Gainesville funeral service Saturday for former Chief Justice Ben Overton
Published: Wednesday, January 2, 2013 at 2:39 p.m.
Last Modified: Wednesday, January 2, 2013 at 2:39 p.m.
A funeral service in Gainesville for former Florida Supreme Court Justice Ben F. Overton will be Saturday at Holy Trinity Episcopal Church.
Overton, 86, died Dec. 29 in Gainesville from complications from heart surgery. He earned his law degree from the University of Florida, where he also served as an adjunct law professor.
"He is the profile of what you would expect a judge to be. He was smart, fair. He wrote some terrifically important opinions in education, privacy and a broad number of constitutional areas," said UF Levin College of Law dean emeritus Jon Mills. "He was an independent thinker. When he was on the bench, he could look pretty fearful."
Mills, also a former speaker of the Florida House of Representatives, said he had several cases before Overton when Overton was on the court but got to know him better once he started teaching at UF.
Overton cared deeply about teaching and would take his students to oral arguments at the Supreme Court, Mills said, adding the justices often would have lunch with Overton and the students.
Current Chief Justice Ricky Polston spoke about Overton's legacy in Florida law in a Supreme Court news release.
"Justice Overton was one of the most influential members of the Court after the sweeping reforms of the 1970s," Polston said. "He will be remembered not only for his far-seeing opinions but also for his efforts in the 1970s to make the state courts more accessible by allowing cameras into our courtrooms."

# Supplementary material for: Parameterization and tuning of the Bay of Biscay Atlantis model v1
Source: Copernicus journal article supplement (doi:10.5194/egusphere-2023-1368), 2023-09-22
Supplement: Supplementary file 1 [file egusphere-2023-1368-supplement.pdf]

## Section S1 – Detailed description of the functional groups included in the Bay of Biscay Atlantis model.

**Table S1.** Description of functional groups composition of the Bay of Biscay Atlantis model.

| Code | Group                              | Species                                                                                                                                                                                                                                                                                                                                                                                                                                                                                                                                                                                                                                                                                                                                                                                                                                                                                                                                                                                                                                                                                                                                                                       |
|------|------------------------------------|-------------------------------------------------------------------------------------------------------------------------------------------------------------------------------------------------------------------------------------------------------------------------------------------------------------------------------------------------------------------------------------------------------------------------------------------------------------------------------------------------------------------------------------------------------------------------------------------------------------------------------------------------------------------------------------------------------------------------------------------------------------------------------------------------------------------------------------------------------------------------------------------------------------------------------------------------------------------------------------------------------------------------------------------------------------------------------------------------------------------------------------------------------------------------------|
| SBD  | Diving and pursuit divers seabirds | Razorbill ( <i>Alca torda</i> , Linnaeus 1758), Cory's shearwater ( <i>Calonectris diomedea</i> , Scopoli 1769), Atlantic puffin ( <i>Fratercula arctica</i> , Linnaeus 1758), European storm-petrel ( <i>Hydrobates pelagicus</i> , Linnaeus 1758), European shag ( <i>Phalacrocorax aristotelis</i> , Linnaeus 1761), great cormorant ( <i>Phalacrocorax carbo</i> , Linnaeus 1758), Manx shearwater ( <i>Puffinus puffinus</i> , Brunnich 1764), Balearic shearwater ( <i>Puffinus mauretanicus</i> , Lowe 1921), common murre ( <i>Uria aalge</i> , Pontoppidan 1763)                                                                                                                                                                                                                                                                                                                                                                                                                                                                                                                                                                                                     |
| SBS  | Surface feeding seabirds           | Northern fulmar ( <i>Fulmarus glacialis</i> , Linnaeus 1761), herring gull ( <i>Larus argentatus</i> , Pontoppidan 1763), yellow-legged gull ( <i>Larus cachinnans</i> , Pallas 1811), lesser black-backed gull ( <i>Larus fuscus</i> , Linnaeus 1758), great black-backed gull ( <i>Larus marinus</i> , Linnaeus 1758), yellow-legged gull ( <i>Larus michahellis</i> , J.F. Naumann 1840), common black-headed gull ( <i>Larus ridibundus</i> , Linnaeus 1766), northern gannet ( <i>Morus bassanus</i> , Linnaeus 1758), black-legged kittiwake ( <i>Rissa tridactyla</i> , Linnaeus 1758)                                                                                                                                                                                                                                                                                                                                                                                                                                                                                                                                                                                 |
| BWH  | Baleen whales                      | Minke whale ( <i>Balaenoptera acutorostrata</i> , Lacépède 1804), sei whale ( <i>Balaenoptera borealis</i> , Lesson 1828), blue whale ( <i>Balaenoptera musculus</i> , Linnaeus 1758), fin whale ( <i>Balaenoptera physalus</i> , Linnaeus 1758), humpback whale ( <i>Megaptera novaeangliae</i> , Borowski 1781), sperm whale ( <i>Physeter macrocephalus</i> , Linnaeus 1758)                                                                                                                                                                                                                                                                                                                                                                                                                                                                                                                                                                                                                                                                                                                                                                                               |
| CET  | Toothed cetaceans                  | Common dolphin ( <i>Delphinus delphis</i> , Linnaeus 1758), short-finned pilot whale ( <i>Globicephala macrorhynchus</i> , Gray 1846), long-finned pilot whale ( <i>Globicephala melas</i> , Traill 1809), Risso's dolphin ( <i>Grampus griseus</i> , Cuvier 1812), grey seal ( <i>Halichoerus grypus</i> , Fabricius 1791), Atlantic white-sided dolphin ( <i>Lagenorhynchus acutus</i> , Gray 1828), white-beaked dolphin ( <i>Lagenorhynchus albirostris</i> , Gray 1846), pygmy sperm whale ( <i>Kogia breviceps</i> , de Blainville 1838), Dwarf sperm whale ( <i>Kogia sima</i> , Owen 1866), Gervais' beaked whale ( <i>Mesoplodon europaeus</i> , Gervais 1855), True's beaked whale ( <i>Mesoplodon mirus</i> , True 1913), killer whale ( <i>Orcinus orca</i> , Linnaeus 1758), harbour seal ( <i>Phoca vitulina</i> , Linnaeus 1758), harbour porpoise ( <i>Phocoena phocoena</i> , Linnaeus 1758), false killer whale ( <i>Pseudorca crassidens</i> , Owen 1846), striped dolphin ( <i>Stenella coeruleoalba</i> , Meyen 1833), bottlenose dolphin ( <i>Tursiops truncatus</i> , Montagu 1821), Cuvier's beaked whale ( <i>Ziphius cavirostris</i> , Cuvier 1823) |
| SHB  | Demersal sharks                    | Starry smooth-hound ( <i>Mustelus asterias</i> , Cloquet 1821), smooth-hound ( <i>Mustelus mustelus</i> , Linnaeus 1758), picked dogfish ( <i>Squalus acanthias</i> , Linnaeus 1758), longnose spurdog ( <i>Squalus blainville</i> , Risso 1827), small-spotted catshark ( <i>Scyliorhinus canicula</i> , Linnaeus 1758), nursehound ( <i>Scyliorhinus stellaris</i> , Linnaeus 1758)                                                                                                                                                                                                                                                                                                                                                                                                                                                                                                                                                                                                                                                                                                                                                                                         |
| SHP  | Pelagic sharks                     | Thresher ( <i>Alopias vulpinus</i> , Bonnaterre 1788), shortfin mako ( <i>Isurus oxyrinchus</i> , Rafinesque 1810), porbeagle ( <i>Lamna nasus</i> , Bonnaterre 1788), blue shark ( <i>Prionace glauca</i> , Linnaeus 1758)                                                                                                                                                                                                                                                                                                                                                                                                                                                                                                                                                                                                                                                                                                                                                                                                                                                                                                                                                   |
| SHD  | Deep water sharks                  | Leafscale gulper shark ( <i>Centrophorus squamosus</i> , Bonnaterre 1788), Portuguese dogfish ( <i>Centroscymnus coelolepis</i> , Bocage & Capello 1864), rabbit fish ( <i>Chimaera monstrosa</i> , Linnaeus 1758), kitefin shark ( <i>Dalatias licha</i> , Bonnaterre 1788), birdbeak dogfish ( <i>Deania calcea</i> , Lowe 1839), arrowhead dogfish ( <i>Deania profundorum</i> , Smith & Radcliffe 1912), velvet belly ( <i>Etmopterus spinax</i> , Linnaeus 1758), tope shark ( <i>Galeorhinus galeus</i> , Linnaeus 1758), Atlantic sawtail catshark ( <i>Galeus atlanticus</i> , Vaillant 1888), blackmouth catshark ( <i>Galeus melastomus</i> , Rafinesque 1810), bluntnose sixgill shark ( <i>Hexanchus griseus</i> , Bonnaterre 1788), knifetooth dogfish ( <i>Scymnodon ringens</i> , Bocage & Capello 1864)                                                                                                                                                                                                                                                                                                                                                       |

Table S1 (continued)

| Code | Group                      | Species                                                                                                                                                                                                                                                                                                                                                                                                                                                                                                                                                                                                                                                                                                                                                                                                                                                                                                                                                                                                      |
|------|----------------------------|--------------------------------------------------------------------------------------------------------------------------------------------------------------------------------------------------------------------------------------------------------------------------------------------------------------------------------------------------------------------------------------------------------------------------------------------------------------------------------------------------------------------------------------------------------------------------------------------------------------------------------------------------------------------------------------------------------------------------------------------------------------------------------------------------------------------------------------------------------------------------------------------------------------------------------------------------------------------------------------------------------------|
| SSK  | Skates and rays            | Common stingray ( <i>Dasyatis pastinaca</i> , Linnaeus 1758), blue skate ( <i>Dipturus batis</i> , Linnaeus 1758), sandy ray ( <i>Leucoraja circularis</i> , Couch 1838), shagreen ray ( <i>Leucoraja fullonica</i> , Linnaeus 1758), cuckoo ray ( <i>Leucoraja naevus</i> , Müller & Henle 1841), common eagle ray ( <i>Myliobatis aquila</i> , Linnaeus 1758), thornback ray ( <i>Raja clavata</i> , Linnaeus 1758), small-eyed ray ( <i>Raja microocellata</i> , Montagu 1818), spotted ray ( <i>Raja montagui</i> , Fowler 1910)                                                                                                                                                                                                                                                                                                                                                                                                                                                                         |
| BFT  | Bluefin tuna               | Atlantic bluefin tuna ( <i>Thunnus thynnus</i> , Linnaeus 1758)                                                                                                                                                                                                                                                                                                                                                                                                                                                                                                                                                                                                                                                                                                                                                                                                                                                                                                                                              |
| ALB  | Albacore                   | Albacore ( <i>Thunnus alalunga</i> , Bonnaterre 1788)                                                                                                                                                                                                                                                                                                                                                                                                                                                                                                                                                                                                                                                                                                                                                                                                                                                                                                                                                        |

Overton attended UF as an undergraduate and earned his law degree in 1952. He was appointed to the Supreme Court in 1974, served as chief justice from 1976-78 and retired in 1999.
In 2001, Overton began working as an adjunct professor at UF, a post he held until his death. Overton taught classes in Florida constitutional law and the Florida Supreme Court.
Overton wrote more than 1,400 decisions while on the state Supreme Court and was a central figure in a vast series of reforms that made his court one of the most respected and accessible in the nation, according to the news release.
Under Overton, Florida was one of the first states to allow television coverage of court cases and was instrumental in making the court one of the first to have a website.
The Gainesville service at 10:30 a.m. will be one of three for Overton. On Monday, he will lie in state in the Supreme Court building in Tallahassee. The final service will be at noon on Jan. 9 at St. Anne of Grace Episcopal Church in St. Petersburg. Burial will follow in St. Petersburg.
Overton was preceded in death by his wife, Marilyn. He is survived by his children, Judge William H. Overton, Robert M. Overton and Catherine L. Overton; two grandsons, William and Brian; and one great-grandchild, Adelynn.
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